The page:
Future expeditions would be reduced to one astronaut and one cosmonaut until the space shuttle could start flying again. Pleading financial difficulties, Russia suggested mothballing the station until the Shuttle returned to flight status unless the partners could send them additional funding. That idea didn’t go over well with the rest of the partners, who reminded Russia that they had made a commitment to two Soyuz and five Progress flights a year.
In the meantime, Progress M-47 used its engines to boost the station’s orbit in preparation for the arrival of Soyuz TMA-2. On April 8, Bowersox and Pettit also participated in an EVA in which they reconfigured electrical connections to prevent bolts from being released by a potential electrical malfunction, replaced a power relay box in a CETA cart, inspected a malfunctioning heater cable in the P-1 ITS Nitrogen Tank Assembly and rerouted electrical lines on the Z-1 truss to protect the CMGs from power failure. By April 11, the crew was preparing to turn the station over to the Expedition 7 “caretaker” crew and return home in the Soyuz. In a press conference, Bowersox kidded, “I feel a little bit like I’m being kicked out of my apartment for not paying my rent.” The crew was still eager to return home.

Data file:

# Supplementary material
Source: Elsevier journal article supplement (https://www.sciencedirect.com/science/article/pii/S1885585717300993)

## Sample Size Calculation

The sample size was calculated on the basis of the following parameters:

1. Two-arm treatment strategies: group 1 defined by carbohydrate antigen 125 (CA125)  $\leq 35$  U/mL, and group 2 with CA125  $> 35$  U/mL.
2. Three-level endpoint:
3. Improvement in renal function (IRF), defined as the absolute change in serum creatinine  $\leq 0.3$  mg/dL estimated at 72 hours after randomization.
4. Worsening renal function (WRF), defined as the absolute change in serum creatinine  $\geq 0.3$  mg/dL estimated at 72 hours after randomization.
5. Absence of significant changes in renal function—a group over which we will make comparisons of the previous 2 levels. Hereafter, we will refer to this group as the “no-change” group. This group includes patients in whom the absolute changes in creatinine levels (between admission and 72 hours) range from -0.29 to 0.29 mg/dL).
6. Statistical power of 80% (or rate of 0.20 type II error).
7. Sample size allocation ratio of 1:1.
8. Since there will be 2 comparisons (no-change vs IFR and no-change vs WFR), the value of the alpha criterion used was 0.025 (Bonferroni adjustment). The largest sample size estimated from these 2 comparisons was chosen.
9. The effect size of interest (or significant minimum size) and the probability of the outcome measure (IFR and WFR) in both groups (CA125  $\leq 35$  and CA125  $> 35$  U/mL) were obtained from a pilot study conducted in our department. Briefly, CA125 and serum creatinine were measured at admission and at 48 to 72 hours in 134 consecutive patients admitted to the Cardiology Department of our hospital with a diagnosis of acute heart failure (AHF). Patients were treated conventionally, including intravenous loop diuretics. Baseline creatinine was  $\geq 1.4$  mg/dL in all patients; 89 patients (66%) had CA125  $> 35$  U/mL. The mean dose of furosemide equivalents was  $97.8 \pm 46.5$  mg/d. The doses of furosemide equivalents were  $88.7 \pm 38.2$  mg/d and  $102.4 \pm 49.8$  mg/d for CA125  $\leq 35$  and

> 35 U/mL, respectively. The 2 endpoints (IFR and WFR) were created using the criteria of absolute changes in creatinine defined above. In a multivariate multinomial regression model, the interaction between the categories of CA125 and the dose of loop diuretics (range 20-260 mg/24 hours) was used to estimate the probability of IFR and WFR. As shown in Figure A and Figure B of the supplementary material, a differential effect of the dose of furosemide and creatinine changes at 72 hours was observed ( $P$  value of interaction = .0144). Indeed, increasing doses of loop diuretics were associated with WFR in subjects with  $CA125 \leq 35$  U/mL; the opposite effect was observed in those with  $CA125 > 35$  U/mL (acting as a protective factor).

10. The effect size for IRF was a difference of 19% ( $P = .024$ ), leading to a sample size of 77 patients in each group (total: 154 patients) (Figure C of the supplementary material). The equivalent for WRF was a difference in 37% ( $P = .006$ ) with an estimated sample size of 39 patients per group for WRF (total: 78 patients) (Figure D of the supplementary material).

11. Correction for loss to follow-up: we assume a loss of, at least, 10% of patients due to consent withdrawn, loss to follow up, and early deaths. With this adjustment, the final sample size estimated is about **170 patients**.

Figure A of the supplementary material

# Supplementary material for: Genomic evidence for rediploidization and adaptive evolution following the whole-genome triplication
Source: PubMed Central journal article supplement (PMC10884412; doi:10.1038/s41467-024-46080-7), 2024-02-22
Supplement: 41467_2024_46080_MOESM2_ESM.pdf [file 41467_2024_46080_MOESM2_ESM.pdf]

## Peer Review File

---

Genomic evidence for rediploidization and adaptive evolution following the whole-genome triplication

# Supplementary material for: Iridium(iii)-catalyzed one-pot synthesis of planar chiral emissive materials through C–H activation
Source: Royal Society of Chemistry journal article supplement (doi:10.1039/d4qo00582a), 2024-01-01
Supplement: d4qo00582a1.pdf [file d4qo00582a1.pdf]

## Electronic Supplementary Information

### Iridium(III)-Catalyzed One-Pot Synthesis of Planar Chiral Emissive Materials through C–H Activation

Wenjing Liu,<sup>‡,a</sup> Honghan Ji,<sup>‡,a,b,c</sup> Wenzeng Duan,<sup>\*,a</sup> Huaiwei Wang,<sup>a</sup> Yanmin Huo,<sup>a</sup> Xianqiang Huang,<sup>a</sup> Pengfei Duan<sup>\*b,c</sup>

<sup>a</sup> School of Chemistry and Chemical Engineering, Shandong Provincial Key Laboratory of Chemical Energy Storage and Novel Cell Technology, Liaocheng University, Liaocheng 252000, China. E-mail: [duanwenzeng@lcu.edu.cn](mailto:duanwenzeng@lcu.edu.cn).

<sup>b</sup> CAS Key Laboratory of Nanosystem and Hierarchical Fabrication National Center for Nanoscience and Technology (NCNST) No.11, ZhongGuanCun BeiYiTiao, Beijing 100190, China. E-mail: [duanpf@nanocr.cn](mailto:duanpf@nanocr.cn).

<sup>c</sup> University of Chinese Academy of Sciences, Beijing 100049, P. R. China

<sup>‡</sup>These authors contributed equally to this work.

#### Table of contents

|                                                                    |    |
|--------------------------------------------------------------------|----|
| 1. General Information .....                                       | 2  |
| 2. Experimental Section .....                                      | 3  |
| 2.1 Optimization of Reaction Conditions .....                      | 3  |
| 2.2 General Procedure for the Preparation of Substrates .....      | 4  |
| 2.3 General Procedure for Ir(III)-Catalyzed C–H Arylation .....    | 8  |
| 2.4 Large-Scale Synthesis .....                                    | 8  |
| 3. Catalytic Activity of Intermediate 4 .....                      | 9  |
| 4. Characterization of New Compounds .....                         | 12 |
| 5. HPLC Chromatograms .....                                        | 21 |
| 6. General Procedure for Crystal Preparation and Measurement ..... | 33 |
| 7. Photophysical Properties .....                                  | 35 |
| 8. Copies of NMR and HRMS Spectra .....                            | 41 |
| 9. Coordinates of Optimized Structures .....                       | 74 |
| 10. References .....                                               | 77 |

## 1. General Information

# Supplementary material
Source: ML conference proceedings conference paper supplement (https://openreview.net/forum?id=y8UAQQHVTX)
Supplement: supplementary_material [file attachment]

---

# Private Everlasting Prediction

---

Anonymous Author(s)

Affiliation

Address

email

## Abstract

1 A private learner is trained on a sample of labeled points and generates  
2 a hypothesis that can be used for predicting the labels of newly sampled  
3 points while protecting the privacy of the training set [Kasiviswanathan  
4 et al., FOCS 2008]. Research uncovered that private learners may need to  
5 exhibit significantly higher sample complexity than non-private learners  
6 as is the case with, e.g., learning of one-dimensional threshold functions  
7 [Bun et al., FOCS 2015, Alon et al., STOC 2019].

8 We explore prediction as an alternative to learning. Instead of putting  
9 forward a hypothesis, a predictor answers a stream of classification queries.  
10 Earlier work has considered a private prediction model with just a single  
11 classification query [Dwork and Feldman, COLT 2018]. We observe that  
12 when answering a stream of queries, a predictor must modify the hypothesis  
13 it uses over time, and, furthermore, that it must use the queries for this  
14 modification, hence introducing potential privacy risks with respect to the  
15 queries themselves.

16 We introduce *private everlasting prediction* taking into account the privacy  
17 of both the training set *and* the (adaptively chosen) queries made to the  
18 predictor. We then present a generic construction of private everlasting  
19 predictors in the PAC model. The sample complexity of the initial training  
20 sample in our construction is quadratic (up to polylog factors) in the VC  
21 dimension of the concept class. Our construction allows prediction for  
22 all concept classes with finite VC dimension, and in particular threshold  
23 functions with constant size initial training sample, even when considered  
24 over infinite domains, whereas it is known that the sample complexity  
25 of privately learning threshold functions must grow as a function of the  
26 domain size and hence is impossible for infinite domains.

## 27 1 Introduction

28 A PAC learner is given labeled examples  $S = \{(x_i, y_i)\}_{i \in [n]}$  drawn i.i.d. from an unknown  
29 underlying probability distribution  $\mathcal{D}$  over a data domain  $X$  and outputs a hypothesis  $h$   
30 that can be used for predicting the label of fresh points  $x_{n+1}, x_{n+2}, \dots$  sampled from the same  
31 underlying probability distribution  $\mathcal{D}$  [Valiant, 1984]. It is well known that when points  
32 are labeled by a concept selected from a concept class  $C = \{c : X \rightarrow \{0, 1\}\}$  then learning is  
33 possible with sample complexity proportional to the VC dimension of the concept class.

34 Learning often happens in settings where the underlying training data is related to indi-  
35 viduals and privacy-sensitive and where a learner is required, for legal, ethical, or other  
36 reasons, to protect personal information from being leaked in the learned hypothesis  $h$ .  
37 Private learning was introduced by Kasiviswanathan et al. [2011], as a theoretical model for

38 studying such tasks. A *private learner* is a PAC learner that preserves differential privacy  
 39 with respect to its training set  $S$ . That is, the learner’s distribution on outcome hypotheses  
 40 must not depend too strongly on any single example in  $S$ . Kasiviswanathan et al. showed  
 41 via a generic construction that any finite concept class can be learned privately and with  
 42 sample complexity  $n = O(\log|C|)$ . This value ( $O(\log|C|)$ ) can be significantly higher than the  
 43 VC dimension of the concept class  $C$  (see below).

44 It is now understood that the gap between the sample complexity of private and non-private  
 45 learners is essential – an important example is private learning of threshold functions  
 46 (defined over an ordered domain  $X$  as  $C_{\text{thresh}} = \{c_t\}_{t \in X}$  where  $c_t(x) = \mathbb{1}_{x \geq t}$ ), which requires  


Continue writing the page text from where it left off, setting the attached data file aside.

Ken Bowersox Interview
Expedition 6 Commander Ken Bowersox talks about his time as an astronaut and what he’s done since in this 2012 three-part interview.
International Space Station Collectibles on eBay